By RAY COOKLIS
Even music fans accustomed to the MusicNOW Festival’s self-described “genre-bending” mix of classical, rock, world music and other far-flung styles may find their heads spinning over this year’s March 18-20 festival lineup.:
- Founder Bryce Dessner of the rock band The National, a composer becoming a force in orchestral music, holding an across-the-decades dialogue with the late Polish composer Witold Lutoslawski.
- The famed Kronos Quartet performing Pulitzer Prize-winner Julia Wolfe’s amped-up, rock-infused “My Beautiful Scream” with the Cincinnati Symphony Orchestra, followed by solos from folk/bluegrass mandolinist Chris Thile.
- An atypical (for the decade-old MusicNOW) program with progressive bluegrass group Punch Brothers, folk artist Sam Amidon and Australian indie folk duo Luluc.
It’s the festival’s third year collaborating with the CSO, which devotes a weekend of its subscription series to unique, never-to-be-repeated programs.
CSO Music Director Louis Langrée says this collaboration “creates a vibrant atmosphere for artistic experimentation,” with the hope that listeners will “have their sensitivities reawakened.”
Well. Though it may not be fashionable to admit it, some listeners may not be able to make head or tail of it, and many struggle with the raucous crash of musical styles that’s so much in vogue.
They may see classical music, which has been a symbol of rationality and order, spinning away into seat-of-the-pants chaos. What’s going on?
There’s actually a logical explanation:
We are living in an age of “infinite music” in which everything is available, so anything is possible.
That’s the premise of the new book “Every Song Ever” by New York Times critic Ben Ratliff, who attempts to divine a new order in this chaos. Ratliff observes that for the first time in history, digital technology has assured that virtually every existing piece of music is available to the listener.
And it’s all instantly accessible – “a world in which Caruso, Coltrane and Carly Rae Jepsen are all only a click away.”
We can stream, download, create playlists, devise “stations” that dynamically change with our listening habits, employ tools to sample and otherwise digitally manipulate any piece of music.
Listening has become a creative act, and all of music’s universe is available to the listener in one gigantic “mashup” to mix, match, compare, contrast and juxtapose any way you want, drawing upon other arts, as well as music.
One good example of this is festival guest artist Jennifer Koh, a violinist who will perform with the CSO. Musical America’s Artist of the Year, she’s known for her initiatives such as “Bridge to Beethoven,” in which she pairs the composer’s 10 violin sonatas with new works written by a culturally diverse group of artists. Koh, who has a degree in English literature from Oberlin College, will perform Anna Clyne’s concerto “The Seamstress,” based on a William Butler Yeats poem.
Seen in this light, the programming quirks of former music director Michael Gielen that so shocked CSO concertgoers in the 1980s – interweaving movements of a Schubert symphony with pieces by Anton Webern, for example – seem positively tame.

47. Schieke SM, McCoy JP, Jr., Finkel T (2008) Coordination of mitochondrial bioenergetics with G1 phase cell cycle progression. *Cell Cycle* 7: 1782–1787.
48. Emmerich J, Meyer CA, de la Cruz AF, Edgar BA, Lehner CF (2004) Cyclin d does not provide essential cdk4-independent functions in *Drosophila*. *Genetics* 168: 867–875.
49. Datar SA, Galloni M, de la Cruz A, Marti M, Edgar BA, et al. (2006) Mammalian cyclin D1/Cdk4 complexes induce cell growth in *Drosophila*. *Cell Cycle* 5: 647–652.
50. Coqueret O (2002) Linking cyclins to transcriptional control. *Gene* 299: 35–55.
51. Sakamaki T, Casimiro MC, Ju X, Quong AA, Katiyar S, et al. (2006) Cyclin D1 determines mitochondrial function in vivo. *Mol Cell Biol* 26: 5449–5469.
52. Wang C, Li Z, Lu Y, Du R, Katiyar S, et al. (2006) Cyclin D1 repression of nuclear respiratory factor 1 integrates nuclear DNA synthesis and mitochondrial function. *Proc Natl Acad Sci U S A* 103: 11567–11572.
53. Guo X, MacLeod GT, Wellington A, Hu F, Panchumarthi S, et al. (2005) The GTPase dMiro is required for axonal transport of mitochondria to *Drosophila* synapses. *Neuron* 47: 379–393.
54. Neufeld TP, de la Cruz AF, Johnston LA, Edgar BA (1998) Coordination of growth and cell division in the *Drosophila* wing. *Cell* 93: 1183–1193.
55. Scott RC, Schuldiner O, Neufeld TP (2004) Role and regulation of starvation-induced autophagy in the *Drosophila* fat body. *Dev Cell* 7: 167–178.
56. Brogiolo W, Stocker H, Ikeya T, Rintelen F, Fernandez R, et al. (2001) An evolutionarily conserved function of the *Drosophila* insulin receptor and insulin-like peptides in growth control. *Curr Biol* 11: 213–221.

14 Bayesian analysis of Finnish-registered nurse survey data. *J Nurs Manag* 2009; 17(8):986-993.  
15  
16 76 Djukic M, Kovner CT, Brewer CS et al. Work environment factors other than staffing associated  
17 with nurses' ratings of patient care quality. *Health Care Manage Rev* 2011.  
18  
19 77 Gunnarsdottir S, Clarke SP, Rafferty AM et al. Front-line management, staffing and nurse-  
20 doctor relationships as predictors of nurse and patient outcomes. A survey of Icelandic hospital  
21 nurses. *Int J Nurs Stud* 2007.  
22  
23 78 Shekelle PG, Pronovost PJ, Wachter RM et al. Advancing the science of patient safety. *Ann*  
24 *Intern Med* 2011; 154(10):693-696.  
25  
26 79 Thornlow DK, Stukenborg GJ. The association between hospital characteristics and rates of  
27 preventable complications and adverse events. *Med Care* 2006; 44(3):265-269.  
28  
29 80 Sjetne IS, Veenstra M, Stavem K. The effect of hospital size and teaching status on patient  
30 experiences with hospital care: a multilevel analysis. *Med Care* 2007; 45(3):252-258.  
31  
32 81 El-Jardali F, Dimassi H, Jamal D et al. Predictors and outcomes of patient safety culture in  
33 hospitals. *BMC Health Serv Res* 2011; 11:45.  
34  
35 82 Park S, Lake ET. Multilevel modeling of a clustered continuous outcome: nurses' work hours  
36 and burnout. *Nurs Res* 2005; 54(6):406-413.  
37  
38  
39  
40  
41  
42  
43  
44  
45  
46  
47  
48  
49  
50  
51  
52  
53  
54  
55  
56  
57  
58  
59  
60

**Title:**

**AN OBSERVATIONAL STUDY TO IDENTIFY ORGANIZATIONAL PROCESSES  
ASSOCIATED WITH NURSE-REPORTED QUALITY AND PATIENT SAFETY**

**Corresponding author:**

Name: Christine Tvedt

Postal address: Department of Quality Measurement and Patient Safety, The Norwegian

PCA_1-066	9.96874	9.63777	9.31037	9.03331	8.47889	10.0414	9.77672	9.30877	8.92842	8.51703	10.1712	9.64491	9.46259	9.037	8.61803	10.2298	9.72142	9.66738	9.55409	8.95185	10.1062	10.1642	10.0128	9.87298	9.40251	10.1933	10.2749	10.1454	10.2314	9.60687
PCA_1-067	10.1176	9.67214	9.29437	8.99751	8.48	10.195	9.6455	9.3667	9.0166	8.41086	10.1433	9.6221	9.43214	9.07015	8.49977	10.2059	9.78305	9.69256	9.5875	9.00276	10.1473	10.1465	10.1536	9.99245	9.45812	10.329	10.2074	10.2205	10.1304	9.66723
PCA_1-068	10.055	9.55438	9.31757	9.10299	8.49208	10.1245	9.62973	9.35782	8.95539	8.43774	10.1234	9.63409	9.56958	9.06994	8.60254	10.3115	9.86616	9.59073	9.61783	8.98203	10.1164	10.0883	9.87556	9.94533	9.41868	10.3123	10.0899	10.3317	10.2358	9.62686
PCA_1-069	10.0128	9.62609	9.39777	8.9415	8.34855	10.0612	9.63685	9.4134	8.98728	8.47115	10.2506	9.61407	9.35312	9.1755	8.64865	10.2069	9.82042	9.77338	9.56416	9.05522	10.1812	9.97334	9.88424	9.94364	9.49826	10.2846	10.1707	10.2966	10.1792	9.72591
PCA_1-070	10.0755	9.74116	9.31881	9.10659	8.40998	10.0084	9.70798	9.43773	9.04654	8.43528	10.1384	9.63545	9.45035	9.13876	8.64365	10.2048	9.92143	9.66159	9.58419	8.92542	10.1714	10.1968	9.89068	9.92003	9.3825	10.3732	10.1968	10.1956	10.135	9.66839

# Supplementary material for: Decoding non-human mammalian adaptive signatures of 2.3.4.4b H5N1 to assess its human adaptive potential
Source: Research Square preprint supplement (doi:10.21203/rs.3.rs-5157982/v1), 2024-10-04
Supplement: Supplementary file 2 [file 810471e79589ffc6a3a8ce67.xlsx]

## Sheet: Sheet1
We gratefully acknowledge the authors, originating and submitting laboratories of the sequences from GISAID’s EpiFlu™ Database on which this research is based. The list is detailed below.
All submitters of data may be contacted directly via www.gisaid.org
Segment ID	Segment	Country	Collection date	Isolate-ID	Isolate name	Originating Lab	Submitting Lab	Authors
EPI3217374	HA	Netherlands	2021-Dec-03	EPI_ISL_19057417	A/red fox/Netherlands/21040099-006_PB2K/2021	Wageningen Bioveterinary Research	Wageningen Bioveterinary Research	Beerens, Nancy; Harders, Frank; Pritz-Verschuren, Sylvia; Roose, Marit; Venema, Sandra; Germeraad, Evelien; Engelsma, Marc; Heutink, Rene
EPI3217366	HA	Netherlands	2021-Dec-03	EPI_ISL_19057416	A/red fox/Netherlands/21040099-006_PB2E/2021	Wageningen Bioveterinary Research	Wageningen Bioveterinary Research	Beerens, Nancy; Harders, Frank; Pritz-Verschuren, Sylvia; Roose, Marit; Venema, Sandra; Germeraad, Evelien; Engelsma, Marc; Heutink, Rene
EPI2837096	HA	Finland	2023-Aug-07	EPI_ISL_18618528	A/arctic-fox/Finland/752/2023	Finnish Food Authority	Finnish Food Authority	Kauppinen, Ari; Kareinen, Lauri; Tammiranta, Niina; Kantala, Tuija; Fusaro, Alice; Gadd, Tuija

The cross-pollination – and more – of musical styles is far from new, however. In fact, it has been a reality since the development of recording technology – and its rapid availability to a mass market – around the turn of the 20th century. It opened the floodgates for people to hear music from the rest of the world, and for composers and performers to embrace exotic or novel influences. By 1920, the recording company Victor had issued more than 20,000 “ethnic” recordings from around the world, many for the comfort and entertainment of homesick immigrants in this country.
The dawn of the digital age in the 1980s, just after introduction of the compact disc, started the real explosion of classical music’s stylistic Big Bang. That, not coincidentally, was the early heyday of the Kronos Quartet, featured in both of the CSO’s MusicNOW programs.
Kronos was an early poster child for “universal music” – and one of its main instigators. Over the years it has played not only every avant-garde Western composer around, but Mexican folk music, Jimi Hendrix, tangos, jazz, Bob Dylan, various rock bands and more. Player piano maven Conlon Nancarrow followed by “Purple Haze”? No problem.
But that brings us back to the issue: How do we make sense of all this?
One solution, says Ratliff, is for listeners to keep in mind the clear distinction between genre – the musical shorthand that says this is classical, this is hip-hop and so on – and tradition – the principles, techniques and esthetic of each musical style.
The trick is to discern what traditions are operating in a piece of music, and how they are influencing each other. All music contains basic qualities – speed, volume, density and more – regardless of genre, style or era. Discerning those can help listeners make connections.
So the challenge of MusicNOW is the chance to awaken those “sensitivities.” The opportunity it presents is to remind us that in this era of “universal music,” the listener is the creator and holds the power to make sense of things. Not a bad achievement.
Friday, March 18, Music Hall: music by Bryce Dessner, Anna Clyne, Julia Wolfe, Chris Thile
Saturday, March 19, Music Hall: music by Lutoslawski, Dessner, Terry Riley, Magnus Lindberg
Sunday, March 20, Cincinnati Masonic Center: Punch Brothers, Sam Amidon, Luluc